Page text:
Nonetheless, there are indications at the time of writing this article that the EU is drafting a specific sanctions regime for Sudan modeled on those recently announced by the US that target individuals and entities obstructing Sudan’s path to democracy. This follows the precedent of the EU Council’s listing of 11 individuals and seven companies linked to the Wagner Group in February 2023 for their involvement in serious human rights and corruption activities in the CAR, Mali, Ukraine, and Sudan. Sanctioned Sudanese entities include M-Invest, the Wagner Group’s investment arm in Sudan, and its gold producing and trading subsidiary Meroe Gold. Both had been sanctioned by the US in July 2020 for their suppression of prodemocracy protesters and undermining democratic reforms in Sudan. At the time, both entities reportedly maintained close relations with SAF and RSF gold mining operations. It is not clear whether the US and subsequently the EU sought to impose secondary sanctions on Sudanese entities transacting with the listed Russian entities. 

UAE and Egypt could undermine possibility of peaceful negotiations 

An additional factor is the importance of the relevant business relationships and activities. The powers with the closest business ties to the SAF and the RSF are Egypt and the UAE. Both see the outcome of the ongoing power contest in Sudan as vital to their national security, namely using ruling kleptocratic authorities to siphon Sudan’s agricultural and mineral resources to benefit their own economies. The lucrative rewards of their siding with their eventual winner, are likely to render them immune to US pressure to limit their business transactions with security companies in Sudan. 

In this context, the US should consider closer cooperation with its UK and EU partners to make the sanctions measures more effective. Serious consideration must be given to targeting those supplying weapons to the belligerents, with Turkey reportedly supplying drones to the SAF and fighters and weapons being channeled through Sahelian states to the RSF. Effective enforcement would also require clarification that customers, suppliers, and trade partners of the sanctioned corporations and their subsidiaries risk secondary sanctions if business ties are continued.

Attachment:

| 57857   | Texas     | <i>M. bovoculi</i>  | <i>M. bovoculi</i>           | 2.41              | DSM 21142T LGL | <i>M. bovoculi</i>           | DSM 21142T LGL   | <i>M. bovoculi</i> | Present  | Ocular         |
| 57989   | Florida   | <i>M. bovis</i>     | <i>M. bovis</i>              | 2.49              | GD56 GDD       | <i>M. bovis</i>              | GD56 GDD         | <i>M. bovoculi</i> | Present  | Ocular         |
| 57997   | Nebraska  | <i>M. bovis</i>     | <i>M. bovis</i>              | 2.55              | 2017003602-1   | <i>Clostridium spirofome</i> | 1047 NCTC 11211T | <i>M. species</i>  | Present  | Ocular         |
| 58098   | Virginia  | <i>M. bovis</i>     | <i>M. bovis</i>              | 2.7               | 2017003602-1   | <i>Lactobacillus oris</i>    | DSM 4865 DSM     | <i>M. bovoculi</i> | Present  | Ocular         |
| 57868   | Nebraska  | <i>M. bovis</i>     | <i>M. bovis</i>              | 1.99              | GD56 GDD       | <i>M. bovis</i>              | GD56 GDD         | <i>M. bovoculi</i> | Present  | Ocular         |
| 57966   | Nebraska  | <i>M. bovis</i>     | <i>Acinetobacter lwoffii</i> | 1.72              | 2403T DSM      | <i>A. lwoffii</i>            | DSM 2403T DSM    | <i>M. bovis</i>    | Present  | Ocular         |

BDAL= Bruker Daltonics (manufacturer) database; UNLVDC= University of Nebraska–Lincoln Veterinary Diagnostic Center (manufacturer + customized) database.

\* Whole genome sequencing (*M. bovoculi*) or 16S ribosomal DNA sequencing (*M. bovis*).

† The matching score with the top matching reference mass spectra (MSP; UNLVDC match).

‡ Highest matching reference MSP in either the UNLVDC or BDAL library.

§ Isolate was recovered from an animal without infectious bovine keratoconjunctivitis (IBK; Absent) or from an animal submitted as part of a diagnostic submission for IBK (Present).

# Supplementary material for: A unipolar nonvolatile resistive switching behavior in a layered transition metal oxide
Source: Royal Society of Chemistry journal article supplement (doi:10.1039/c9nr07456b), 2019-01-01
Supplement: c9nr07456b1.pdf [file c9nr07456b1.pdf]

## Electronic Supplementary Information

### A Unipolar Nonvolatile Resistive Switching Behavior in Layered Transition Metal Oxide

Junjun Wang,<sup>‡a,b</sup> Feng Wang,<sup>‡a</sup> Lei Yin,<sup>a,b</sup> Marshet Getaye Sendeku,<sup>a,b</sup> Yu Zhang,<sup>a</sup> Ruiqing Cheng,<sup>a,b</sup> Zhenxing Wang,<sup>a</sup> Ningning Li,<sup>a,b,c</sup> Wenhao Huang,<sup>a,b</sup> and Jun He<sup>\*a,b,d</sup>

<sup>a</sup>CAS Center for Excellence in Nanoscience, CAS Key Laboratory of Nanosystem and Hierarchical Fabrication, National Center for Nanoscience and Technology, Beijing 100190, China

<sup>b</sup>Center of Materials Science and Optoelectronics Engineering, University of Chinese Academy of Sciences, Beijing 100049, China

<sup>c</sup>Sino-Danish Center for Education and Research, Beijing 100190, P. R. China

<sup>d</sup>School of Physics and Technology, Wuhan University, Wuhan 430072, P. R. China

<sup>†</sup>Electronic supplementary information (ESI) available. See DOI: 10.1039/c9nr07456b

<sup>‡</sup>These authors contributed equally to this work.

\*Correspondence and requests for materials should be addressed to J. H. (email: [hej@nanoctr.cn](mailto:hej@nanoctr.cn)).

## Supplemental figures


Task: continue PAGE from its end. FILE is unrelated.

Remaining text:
Sanctions need to be part of a comprehensive international strategy, which appears to be lacking at this point in the conflict. Such a strategy must deny the belligerents any governing role in the post-conflict political dispensation as both have proven themselves indifferent to the fate of their countrymen and the survival of Sudan as a viable state. Partners in this strategy should also clarify and commit to financial investments in the reconstruction of Sudan once the war stops, conditional on the SAF, the RSF, and other security agencies subjecting all their corporate holdings to relevant oversight of civilian authorities. Short of this, security companies will continue undermining the ability of any future civilian government to bring sustainable peace and a viable national economy to Sudan.

Dr. Suliman Baldo is an expert in justice, human rights and conflict resolution in Africa and served as the Africa head of International Crisis group, the International Center for Transitional Justice, and has also held human rights and mediation posts in the United Nations. He has provided expert advice on human rights in Mali and Darfur and currently leads the Sudan Transparency and Policy Tracker.